Is it over yet?

Recently, COVID-19-related restrictions have eased in Iowa and other parts of the world. Yet, in some countries cases are on the rise. So is the pandemic really over?


Maddy Smith

The debate continues on masks and the official end to the pandemic.

Vivian Polgreen, Managing Co-Editor, News Editor

In the last few weeks mask mandates and other COVID-19 regulations have been curtailed or dropped entirely. Overall, Worldwide cases have steadily decreased in recent months. So is the pandemic almost over?

Despite the drastic decrease in cases in the US, there are several other countries experiencing surges in case counts. South Korea has confirmed over 4 and a half million cases of COVID-19 in the last two weeks alone. Other countries in the UK have been experiencing high case counts as well. Concurrently, Germany has confirmed 3 million new cases, Vietnam 1.9 million, France 1.8 million and the UK 1.2 million

In contrast, the United States has only had 400,000 confirmed cases in the last two weeks. But the surges in other countries could be a cause for alarm.

“Most of the other surges that we’ve seen in other countries have preceded what we’ve seen in the States. We’ve tended to see a similar type of resurgence here after we’ve seen it elsewhere,” said David Stoltz, Director of pulmonary and critical care medicine at the University of Iowa.

However, no matter how much information we have about the current case counts in other parts of the world, it is extremely difficult to predict what effect these cases will have here in the US and in Iowa. Furthermore, an increase in cases may not translate into more hospitalizations and deaths. 

“With all the prediction models and data collected, we still don’t understand why SARSCoV2 variants come and go, and what causes waves of infection in this pandemic. Then again, we haven’t figured out why influenza is seasonal either, which has been plaguing humans a lot longer. We do know that for COVID-19, vaccination and previous infection can help to prevent bad outcomes like hospitalization and death,” said Matthew Kuehnert, MD, an infectious disease consultant in New Jersey. 

In the event of another COVID-19 surge in Iowa, we might be better off than previously, because many people have been exposed to the virus, and thus have had a better chance of developing some level of antibodies against the disease.

“Our hope is that [a future] surge will be less significant. With the last Omicron surge, many people became infected, even those who were vaccinated. So I think we probably do have a significant level of immunity in the population that may minimize the degree of the surge,” said Stoltz.

Public health officials also have more information about the COVID-19 virus than they did at the beginning of the pandemic and during other surges.

Everyone in our community is bearing some burden of COVID fatigue.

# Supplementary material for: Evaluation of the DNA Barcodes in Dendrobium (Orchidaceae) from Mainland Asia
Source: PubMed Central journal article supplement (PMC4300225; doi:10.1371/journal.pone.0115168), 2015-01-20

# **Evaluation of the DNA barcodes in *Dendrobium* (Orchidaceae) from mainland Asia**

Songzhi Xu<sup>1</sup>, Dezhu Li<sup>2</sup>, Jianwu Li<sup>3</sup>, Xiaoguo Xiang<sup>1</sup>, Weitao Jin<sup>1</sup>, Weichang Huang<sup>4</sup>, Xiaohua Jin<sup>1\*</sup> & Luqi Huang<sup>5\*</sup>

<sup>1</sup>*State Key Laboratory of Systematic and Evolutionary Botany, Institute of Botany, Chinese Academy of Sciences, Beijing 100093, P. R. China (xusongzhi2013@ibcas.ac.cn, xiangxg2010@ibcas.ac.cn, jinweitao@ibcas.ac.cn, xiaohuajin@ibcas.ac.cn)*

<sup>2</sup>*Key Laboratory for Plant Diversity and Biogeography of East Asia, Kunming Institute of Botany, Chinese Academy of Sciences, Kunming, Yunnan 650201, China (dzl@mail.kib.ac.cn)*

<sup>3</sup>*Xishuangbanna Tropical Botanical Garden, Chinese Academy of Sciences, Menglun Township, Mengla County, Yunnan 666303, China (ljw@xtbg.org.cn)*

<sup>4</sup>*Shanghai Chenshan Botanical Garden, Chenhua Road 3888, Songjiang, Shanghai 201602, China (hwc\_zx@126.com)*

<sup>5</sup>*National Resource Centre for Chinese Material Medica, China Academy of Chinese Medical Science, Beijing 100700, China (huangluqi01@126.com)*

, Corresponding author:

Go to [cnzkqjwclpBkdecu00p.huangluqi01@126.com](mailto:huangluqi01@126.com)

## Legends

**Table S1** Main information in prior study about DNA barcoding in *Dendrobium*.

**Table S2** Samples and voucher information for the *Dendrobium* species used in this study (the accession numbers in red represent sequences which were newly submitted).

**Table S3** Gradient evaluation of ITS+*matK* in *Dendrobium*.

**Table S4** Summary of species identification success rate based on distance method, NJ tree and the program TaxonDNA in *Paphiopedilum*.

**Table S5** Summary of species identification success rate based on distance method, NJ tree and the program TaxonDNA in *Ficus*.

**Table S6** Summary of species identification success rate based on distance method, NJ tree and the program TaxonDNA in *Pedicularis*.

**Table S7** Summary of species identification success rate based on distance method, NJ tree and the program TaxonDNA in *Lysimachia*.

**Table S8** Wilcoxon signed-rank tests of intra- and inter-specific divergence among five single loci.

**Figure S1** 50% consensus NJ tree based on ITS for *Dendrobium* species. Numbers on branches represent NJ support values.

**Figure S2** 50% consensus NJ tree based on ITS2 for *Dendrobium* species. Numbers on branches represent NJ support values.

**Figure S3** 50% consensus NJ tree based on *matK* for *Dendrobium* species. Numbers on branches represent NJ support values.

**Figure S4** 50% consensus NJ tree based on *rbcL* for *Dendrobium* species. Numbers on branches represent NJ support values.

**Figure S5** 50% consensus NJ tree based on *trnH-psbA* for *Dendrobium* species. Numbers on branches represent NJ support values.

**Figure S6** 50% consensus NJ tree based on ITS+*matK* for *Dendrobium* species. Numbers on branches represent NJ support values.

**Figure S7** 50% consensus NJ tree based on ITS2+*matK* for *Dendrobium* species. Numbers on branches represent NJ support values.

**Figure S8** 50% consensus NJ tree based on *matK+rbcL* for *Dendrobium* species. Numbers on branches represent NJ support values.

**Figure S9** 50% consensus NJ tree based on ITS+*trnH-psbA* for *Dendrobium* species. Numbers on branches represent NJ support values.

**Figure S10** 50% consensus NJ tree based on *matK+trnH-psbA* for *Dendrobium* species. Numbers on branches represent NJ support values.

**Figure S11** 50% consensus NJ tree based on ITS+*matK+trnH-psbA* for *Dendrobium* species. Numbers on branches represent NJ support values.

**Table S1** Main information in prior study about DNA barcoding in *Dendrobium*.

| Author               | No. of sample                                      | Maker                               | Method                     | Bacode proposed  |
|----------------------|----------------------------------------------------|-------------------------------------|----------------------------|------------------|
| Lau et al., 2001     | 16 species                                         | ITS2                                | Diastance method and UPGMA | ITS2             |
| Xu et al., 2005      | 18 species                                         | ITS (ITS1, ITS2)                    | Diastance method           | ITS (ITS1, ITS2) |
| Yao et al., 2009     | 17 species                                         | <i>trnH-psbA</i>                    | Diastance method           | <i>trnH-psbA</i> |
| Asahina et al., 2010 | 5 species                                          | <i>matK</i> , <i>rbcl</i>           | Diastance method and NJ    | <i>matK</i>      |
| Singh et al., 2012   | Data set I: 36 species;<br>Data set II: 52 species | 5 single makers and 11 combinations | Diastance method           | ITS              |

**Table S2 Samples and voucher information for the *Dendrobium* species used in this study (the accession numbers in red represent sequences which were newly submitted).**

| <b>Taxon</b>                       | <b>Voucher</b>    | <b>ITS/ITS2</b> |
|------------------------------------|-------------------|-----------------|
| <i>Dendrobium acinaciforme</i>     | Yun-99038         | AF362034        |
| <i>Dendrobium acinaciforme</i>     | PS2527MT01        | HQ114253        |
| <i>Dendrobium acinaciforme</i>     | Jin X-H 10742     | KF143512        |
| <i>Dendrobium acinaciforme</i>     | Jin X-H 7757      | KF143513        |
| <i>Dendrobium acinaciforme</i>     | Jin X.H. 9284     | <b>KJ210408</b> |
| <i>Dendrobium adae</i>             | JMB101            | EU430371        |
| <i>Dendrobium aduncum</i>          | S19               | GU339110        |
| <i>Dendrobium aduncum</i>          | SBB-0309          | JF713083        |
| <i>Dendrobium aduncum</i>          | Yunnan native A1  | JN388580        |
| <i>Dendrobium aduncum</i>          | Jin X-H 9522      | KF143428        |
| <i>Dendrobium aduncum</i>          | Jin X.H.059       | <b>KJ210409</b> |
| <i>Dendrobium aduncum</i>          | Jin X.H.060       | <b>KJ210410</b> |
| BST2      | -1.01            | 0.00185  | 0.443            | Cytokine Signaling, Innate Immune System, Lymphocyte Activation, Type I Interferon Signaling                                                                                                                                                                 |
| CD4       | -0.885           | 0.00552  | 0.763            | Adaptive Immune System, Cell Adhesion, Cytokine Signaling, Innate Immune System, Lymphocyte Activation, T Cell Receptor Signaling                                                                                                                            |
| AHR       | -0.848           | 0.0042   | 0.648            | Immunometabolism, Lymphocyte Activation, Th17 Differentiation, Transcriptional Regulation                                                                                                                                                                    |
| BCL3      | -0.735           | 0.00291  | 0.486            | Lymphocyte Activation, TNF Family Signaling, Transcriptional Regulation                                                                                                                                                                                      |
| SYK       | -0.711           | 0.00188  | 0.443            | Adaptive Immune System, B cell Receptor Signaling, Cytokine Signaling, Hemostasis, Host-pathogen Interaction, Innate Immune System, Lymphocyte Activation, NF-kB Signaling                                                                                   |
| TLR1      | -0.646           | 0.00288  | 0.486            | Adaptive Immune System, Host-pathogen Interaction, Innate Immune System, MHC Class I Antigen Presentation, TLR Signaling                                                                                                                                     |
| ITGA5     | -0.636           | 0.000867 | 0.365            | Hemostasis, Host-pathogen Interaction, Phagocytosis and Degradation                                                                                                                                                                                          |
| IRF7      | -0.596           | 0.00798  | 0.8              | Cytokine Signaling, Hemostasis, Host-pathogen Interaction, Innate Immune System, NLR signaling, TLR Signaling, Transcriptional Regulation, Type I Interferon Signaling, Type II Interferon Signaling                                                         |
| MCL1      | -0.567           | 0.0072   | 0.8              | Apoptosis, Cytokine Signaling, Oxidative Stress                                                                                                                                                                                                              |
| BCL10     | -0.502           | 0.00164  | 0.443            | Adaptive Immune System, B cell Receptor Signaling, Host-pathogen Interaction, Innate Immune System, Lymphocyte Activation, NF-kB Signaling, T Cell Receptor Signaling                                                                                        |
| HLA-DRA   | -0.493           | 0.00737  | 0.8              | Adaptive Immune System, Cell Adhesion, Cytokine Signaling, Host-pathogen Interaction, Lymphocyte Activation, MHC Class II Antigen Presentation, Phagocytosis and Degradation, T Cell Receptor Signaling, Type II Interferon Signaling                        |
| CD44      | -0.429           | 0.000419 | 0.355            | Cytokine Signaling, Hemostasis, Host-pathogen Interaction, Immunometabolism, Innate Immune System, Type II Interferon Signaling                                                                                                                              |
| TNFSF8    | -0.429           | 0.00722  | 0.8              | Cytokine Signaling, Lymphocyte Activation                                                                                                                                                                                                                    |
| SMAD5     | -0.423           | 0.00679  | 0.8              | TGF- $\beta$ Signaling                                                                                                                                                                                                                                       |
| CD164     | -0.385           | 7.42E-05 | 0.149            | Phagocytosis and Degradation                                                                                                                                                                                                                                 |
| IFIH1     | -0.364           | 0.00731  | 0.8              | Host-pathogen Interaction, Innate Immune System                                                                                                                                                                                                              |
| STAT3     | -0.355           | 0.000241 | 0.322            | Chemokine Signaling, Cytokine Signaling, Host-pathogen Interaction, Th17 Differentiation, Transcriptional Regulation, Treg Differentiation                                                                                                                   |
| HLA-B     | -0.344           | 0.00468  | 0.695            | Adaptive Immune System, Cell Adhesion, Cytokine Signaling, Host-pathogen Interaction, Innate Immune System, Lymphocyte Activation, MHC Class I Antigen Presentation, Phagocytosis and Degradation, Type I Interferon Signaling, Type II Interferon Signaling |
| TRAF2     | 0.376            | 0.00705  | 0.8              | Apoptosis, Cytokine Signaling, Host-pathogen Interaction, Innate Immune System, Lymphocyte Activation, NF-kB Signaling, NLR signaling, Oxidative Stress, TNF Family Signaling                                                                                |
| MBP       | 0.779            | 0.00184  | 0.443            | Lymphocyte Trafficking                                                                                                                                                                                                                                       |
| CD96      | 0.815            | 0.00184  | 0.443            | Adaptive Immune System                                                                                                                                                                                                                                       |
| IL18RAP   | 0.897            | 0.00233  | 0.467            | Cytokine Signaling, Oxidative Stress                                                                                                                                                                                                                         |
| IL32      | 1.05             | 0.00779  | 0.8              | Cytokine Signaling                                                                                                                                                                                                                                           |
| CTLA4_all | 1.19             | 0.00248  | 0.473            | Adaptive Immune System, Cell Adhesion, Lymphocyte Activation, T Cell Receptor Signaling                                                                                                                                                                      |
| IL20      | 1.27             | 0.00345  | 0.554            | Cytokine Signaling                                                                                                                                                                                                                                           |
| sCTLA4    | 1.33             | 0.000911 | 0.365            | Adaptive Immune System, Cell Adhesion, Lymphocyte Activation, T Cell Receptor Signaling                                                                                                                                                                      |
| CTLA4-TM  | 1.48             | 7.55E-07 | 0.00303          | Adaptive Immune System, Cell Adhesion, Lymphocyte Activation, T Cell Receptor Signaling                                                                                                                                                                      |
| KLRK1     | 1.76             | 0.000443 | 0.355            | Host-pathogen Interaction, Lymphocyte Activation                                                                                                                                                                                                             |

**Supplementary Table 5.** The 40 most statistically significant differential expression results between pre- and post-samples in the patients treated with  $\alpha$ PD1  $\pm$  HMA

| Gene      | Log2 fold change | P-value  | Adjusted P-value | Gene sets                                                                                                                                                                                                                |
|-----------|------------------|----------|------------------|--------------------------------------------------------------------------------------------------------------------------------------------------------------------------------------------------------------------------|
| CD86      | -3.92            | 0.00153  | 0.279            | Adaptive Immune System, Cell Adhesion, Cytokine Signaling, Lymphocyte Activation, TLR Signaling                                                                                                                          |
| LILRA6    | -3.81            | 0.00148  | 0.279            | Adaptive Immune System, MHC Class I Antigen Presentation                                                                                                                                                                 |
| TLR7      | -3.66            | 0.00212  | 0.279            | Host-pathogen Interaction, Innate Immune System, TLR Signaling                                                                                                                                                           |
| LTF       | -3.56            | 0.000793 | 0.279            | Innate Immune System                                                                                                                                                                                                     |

— Judy Streit

“If there is a new surge in the number of cases, I think we’ll be better prepared with readily available testing and hopefully antiviral agents will be readily available, especially for those at higher risk of severe disease,” said Judy Streit, director of the Division of Infectious Diseases at the University of Iowa.

Nonetheless, an increase in cases could lead to another round of social distancing and mask mandates. And after these mandates have been repealed, some might not be willing to return to their a life subject to COVID-19 related restrictions, even if we see an increase in cases.

“Everyone in our community is bearing some burden of COVID fatigue, be it from social isolation, job loss, the stress of a work environment where there was risk of exposure or the loss of loved ones from COVID… The move to open up, which has allowed people to re-establish some social ties outside their household, has been so welcome that it may reduce voluntary adherence to future recommendations to re-mask and socially distance,” said Streit.

Even if everyone adheres to safety precautions and protocols, there is still a great deal about COVID-19 that experts still do not know.

“Masks and social distancing have been shown to prevent transmission, but we don’t know how they contribute to ending infection waves. Each person has to have their own tolerance for risk of exposure, and is best an informed decision with information from public health. It’s like driving in the snow…everyone handles it differently,” said Kuehnert.

While COVID-19 appears to be drawing to a close, COVID-19 may become endemic, with seasonal increases, similar to influenza and other respiratory infections.

“Most people would say that a viral outbreak like this becomes endemic when it becomes predictable, in terms of what it’s gonna do throughout the year, what its seasonal pattern is, how many people will it affect in a typical year, what will be the health consequences, how severe are those consequences?… I don’t think we quite know yet. I think it will become endemic at some point, but I suspect we’re probably still little ways away from that,” said Stoltz.